intelligent person distinguishes between the two concepts.
We may generalize Definition 31 and Equation 3.23 to independence of
several eventsA 1 , ,As.

32 Definition
The eventsA 1 , ,As are said to be independent if
p(A; n A;) = p(A;)p(A;) 1~i<j~s
p(A; n Ai n Ak) = p(A;)p(Ai)p(Ak) 1~i<j<k~s (3.24)

The first series of equations (the events taken 2 at a time) implies that any
2 of the events are independent. The second series, together with the first,
shows that any event is independent of the simultaneous occurrence of 2
of the others: p(A;IAi n Ak) = p(A;) for distinct i, j, and k. (Use Equation
3.20 for a proof.) Similar interpretations are possible for all these equations.
In all, there are (~) equations using 2 different sets, (~) equations using 3

different sets, etc. Thus there are (;) + (;) + + (~) equations in all. By
Equation 2.16, this may be simplified to 2n- n- 1. Thus we have 2n- n- 1
equations that define independence. For n = 2 we had 22 - 2- 1 = 1 equa-
tion. For n = 3 there are 23 - 3 - 1 = 4 equations.

33 Example
Two dice are tossed. Let events A, B, and C be defined as follows: A = "sum
is 7," B = "first die is 6," C = "second die is 4 or over." We may compute
p(A) = t,p(B) = t,p(C) = t,p(A n B)= Js,p(B n C)= /2 , p(A n C)= 112 ,
p(A n B n C) = 0. Thus
p(A n B)= p(A )p(B)
p(A n C)= p(A )p(C)
p(B n C)= p(B)p(C)
p(A n B n C) oF p(A )p(B)p(C)
Thus these 3 events are dependent, but any 2 of them are independent.
Independent events can occur quite abstractly. For example, consider the
sample space given by the table

If A= {x,z}, B = {x,y}, then A n B = {x}. We have p(A) = p(x)+p(z) =

.2+ .3 = .5, p(B) = .2+ .2 = .4, and p(A n B)= .2. Hence, since .2 = .5 x
.4, we have p(A n B) = p(A )p(B). The events A and Bare independent.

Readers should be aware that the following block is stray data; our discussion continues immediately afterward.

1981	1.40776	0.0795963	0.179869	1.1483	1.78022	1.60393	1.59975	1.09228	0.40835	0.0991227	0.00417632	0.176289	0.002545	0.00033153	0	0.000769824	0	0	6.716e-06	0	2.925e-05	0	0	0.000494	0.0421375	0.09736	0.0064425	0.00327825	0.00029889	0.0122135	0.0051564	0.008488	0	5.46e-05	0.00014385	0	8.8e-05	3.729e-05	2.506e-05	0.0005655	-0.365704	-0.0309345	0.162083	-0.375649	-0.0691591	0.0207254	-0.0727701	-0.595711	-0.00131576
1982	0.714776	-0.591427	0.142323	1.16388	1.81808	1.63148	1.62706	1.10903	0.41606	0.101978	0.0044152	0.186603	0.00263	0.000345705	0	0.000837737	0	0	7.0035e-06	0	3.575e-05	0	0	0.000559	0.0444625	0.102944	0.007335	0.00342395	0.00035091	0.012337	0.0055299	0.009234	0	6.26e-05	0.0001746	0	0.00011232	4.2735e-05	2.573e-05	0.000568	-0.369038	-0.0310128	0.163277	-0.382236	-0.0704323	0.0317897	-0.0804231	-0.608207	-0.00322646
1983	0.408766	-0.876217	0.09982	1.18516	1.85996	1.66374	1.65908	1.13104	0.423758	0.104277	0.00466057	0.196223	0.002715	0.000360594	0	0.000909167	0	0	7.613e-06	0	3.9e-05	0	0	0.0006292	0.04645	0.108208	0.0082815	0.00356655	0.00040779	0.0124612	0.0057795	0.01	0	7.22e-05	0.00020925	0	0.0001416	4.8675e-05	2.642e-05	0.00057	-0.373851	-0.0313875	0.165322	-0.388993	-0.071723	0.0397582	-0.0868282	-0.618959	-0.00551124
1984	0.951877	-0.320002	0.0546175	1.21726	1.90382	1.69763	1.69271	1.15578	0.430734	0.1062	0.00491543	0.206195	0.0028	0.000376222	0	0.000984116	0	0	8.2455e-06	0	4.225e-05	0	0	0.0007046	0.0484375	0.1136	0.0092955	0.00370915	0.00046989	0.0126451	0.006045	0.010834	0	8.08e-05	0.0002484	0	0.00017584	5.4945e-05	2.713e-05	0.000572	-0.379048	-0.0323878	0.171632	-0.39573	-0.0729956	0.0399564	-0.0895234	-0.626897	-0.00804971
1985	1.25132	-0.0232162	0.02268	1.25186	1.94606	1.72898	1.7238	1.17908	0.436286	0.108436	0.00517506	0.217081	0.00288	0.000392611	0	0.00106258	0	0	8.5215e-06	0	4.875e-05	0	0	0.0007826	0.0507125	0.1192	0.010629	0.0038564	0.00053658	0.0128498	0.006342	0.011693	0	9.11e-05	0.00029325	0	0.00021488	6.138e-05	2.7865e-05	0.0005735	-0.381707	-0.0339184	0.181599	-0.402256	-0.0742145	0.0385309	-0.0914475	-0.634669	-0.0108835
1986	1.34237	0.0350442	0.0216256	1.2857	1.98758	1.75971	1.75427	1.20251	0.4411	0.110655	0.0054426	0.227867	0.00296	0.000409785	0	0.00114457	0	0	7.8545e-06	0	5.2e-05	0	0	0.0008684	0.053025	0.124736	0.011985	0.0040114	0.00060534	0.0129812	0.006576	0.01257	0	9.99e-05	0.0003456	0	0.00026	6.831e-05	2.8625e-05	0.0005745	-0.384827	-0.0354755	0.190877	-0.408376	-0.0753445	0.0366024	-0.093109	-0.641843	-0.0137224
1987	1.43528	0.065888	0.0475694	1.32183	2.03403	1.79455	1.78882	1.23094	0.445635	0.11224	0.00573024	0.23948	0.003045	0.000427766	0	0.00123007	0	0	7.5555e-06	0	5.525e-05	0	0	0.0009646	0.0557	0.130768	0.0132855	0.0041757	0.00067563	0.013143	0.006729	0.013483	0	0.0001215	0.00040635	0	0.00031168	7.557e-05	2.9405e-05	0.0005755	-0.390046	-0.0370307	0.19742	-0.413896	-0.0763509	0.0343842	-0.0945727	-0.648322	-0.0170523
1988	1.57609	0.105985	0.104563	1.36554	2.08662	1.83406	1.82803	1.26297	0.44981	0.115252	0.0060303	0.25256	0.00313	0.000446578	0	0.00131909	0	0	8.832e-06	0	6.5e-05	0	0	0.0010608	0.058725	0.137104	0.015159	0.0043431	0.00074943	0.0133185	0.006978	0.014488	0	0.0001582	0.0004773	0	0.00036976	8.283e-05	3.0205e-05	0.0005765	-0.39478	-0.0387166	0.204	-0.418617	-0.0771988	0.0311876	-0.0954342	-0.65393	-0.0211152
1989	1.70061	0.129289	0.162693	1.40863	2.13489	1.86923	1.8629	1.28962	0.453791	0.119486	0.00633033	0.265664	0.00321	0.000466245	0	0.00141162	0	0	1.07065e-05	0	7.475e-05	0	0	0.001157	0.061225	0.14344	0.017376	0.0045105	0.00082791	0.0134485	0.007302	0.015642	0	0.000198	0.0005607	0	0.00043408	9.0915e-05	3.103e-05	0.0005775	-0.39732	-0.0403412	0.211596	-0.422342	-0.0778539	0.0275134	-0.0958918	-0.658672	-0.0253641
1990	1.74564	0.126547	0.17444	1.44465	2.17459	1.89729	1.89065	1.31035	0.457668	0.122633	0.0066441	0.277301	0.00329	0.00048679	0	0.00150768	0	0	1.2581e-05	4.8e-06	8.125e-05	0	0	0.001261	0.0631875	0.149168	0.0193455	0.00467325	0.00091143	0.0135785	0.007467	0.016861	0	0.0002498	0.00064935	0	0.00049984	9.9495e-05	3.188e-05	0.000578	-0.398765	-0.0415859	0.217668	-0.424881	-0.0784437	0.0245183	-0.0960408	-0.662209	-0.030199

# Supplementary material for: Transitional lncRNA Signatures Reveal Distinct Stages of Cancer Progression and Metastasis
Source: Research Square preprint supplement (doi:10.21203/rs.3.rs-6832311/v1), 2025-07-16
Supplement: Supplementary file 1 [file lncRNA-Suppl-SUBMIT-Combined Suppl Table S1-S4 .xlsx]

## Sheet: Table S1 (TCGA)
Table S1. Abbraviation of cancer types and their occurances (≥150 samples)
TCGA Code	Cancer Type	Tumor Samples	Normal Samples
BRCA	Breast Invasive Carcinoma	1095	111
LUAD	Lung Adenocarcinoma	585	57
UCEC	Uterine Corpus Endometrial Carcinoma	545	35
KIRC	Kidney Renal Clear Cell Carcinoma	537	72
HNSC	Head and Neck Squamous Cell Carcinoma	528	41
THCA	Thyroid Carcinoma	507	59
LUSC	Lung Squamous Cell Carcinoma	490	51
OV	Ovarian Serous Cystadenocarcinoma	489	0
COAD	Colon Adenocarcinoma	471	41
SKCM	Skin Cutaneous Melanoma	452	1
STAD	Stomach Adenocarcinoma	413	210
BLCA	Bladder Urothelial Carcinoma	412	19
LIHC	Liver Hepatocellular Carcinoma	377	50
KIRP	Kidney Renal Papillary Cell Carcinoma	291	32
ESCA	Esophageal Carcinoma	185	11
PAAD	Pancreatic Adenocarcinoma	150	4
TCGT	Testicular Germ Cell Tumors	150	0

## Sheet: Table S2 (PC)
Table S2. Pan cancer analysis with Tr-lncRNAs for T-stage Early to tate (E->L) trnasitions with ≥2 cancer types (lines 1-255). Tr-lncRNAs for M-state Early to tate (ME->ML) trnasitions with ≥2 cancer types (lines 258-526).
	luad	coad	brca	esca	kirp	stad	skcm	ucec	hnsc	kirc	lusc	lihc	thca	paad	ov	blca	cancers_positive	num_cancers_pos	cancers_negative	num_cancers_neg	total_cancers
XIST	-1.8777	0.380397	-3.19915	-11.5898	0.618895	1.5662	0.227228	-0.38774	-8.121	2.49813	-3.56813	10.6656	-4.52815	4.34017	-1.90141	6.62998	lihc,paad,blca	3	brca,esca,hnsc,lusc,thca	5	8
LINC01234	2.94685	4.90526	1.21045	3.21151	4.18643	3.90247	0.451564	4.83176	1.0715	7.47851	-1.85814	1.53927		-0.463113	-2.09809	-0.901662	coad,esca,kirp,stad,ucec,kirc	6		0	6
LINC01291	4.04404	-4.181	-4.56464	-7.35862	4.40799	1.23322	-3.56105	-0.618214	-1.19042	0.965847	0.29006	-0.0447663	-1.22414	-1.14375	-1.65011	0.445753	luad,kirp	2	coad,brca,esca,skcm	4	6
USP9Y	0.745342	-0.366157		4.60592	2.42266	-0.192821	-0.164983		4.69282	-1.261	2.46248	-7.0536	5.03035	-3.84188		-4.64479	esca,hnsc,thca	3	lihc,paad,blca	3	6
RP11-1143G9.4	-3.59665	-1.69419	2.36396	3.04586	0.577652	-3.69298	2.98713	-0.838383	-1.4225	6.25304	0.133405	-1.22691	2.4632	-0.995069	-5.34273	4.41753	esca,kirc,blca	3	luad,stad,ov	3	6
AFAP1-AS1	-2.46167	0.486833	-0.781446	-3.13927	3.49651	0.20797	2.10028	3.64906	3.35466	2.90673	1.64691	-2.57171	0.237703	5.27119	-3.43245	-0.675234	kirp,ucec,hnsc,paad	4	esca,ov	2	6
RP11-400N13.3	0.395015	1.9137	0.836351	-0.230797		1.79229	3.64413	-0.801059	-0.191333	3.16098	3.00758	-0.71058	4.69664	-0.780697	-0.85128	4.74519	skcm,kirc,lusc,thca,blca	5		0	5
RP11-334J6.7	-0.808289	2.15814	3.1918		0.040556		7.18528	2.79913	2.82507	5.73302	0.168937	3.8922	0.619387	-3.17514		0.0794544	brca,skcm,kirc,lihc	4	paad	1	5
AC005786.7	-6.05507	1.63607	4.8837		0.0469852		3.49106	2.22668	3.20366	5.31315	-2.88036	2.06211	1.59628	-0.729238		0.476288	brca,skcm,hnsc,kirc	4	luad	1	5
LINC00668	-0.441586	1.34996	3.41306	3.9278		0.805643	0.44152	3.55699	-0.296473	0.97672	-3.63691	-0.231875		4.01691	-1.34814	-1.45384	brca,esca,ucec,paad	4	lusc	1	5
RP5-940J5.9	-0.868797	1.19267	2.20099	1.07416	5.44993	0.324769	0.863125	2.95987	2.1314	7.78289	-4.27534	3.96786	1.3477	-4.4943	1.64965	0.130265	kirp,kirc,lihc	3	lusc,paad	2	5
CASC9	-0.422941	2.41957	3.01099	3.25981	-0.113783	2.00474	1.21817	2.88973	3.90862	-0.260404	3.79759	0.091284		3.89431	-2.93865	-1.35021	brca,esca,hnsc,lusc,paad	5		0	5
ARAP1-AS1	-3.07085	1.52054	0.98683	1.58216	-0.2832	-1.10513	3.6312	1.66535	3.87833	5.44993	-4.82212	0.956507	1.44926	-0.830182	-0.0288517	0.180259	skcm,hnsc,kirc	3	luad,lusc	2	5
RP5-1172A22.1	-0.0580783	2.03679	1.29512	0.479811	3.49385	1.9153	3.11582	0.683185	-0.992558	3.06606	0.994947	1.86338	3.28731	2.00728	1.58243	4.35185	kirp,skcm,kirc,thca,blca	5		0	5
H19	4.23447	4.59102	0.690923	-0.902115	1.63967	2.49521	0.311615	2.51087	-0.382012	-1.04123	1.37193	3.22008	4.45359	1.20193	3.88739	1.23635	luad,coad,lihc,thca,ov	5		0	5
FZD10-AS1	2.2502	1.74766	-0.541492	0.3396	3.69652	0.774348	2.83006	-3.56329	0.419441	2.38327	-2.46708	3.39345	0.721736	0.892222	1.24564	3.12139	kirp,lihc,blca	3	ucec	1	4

34 Example
A die is tossed repeatedly until a 6 turns up. What is the probability Pk that
the 6 first occurs at the kth throw (k = 1, 2, ... )?
We note that we have an infinite sample space. We first reduce to a finite
space by choosing a large number N and restricting ourselves to at most N
tosses. In practice, N = 100 gives an excellent chance that a 6 will turn up.
If we let Ak = the event that a 6 occurs on the kth trial, the problem calls for
the probability of p(A1 n A2 n n Ak- 1 n Ak) fork= 1, 2, ... , N. We
make the following reasonable assumptions:
1. The events A1 , A2 , ,Ak_ 1 , Ak are independent. (This is our way of
interpreting the notion that what happened on any of the previous trials
does not affect the probability on a given trial.)
2. p(A;) = t. (Thus, on any one trial, the 6 outcomes 1 through 6 are
equally likely.)
Thus, by Equation 3.24, we have Pk = p(A1 n n Ak- 1 n Ak) =
i i i l = l(i)k- 1 (k = 1, 2, ... , N). The probability that no 6 occurs
during theN trials is (tf. (For N = 100 this probability is 1.2 x 10-8 .) We
also note that p(A1 n n Ak- 1 n Ak) is independent of N fork ~ N. It is
therefore reasonable to take l(t)k- 1 as the required answer. These prob-